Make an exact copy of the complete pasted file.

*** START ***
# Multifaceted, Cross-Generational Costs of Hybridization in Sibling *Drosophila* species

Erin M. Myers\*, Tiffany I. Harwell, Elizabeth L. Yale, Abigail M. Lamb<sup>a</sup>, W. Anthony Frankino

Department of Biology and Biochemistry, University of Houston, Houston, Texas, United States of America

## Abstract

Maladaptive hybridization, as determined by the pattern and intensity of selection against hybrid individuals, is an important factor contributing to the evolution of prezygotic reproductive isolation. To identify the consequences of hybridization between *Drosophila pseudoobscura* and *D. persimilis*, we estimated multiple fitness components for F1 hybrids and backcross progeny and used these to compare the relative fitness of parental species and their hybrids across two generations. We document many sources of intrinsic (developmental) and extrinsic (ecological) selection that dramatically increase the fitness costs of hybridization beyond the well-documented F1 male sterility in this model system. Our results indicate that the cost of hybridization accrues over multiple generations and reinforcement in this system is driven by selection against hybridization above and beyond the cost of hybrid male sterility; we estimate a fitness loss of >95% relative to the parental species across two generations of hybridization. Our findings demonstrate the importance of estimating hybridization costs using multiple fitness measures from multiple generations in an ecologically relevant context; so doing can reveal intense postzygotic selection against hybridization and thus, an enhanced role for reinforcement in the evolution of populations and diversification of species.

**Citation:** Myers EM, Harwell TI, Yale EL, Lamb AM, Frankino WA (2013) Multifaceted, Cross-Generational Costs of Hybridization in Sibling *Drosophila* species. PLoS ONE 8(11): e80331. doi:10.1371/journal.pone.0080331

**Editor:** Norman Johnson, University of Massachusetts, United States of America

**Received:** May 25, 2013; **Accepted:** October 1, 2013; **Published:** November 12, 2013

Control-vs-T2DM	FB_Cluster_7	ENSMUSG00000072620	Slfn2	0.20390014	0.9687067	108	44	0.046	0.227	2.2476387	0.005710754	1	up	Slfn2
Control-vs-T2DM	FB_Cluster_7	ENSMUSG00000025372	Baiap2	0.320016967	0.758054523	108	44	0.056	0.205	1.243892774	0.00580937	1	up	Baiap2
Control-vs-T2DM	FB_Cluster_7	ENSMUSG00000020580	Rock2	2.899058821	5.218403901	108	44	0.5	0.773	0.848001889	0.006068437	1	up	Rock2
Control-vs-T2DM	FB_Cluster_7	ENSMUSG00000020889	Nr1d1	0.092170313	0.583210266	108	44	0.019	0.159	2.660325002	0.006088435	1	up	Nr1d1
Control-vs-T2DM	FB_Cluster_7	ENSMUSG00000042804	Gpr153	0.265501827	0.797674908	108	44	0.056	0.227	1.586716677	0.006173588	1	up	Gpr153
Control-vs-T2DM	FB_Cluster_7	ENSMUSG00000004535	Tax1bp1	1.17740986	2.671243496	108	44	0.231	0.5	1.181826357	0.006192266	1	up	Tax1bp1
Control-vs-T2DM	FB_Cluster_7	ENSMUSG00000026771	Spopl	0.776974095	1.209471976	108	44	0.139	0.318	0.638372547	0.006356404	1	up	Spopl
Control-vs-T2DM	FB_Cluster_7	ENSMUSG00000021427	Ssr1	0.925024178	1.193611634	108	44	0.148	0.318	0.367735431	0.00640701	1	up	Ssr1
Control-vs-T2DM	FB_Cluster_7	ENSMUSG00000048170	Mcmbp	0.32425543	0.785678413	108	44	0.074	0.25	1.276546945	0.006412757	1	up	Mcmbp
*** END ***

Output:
# Multifaceted, Cross-Generational Costs of Hybridization in Sibling *Drosophila* species

Erin M. Myers\*, Tiffany I. Harwell, Elizabeth L. Yale, Abigail M. Lamb<sup>a</sup>, W. Anthony Frankino

Department of Biology and Biochemistry, University of Houston, Houston, Texas, United States of America

## Abstract

Maladaptive hybridization, as determined by the pattern and intensity of selection against hybrid individuals, is an important factor contributing to the evolution of prezygotic reproductive isolation. To identify the consequences of hybridization between *Drosophila pseudoobscura* and *D. persimilis*, we estimated multiple fitness components for F1 hybrids and backcross progeny and used these to compare the relative fitness of parental species and their hybrids across two generations. We document many sources of intrinsic (developmental) and extrinsic (ecological) selection that dramatically increase the fitness costs of hybridization beyond the well-documented F1 male sterility in this model system. Our results indicate that the cost of hybridization accrues over multiple generations and reinforcement in this system is driven by selection against hybridization above and beyond the cost of hybrid male sterility; we estimate a fitness loss of >95% relative to the parental species across two generations of hybridization. Our findings demonstrate the importance of estimating hybridization costs using multiple fitness measures from multiple generations in an ecologically relevant context; so doing can reveal intense postzygotic selection against hybridization and thus, an enhanced role for reinforcement in the evolution of populations and diversification of species.

**Citation:** Myers EM, Harwell TI, Yale EL, Lamb AM, Frankino WA (2013) Multifaceted, Cross-Generational Costs of Hybridization in Sibling *Drosophila* species. PLoS ONE 8(11): e80331. doi:10.1371/journal.pone.0080331

**Editor:** Norman Johnson, University of Massachusetts, United States of America

**Received:** May 25, 2013; **Accepted:** October 1, 2013; **Published:** November 12, 2013

Control-vs-T2DM	FB_Cluster_7	ENSMUSG00000072620	Slfn2	0.20390014	0.9687067	108	44	0.046	0.227	2.2476387	0.005710754	1	up	Slfn2
Control-vs-T2DM	FB_Cluster_7	ENSMUSG00000025372	Baiap2	0.320016967	0.758054523	108	44	0.056	0.205	1.243892774	0.00580937	1	up	Baiap2
Control-vs-T2DM	FB_Cluster_7	ENSMUSG00000020580	Rock2	2.899058821	5.218403901	108	44	0.5	0.773	0.848001889	0.006068437	1	up	Rock2
Control-vs-T2DM	FB_Cluster_7	ENSMUSG00000020889	Nr1d1	0.092170313	0.583210266	108	44	0.019	0.159	2.660325002	0.006088435	1	up	Nr1d1
Control-vs-T2DM	FB_Cluster_7	ENSMUSG00000042804	Gpr153	0.265501827	0.797674908	108	44	0.056	0.227	1.586716677	0.006173588	1	up	Gpr153
Control-vs-T2DM	FB_Cluster_7	ENSMUSG00000004535	Tax1bp1	1.17740986	2.671243496	108	44	0.231	0.5	1.181826357	0.006192266	1	up	Tax1bp1
Control-vs-T2DM	FB_Cluster_7	ENSMUSG00000026771	Spopl	0.776974095	1.209471976	108	44	0.139	0.318	0.638372547	0.006356404	1	up	Spopl
Control-vs-T2DM	FB_Cluster_7	ENSMUSG00000021427	Ssr1	0.925024178	1.193611634	108	44	0.148	0.318	0.367735431	0.00640701	1	up	Ssr1
Control-vs-T2DM	FB_Cluster_7	ENSMUSG00000048170	Mcmbp	0.32425543	0.785678413	108	44	0.074	0.25	1.276546945	0.006412757	1	up	Mcmbp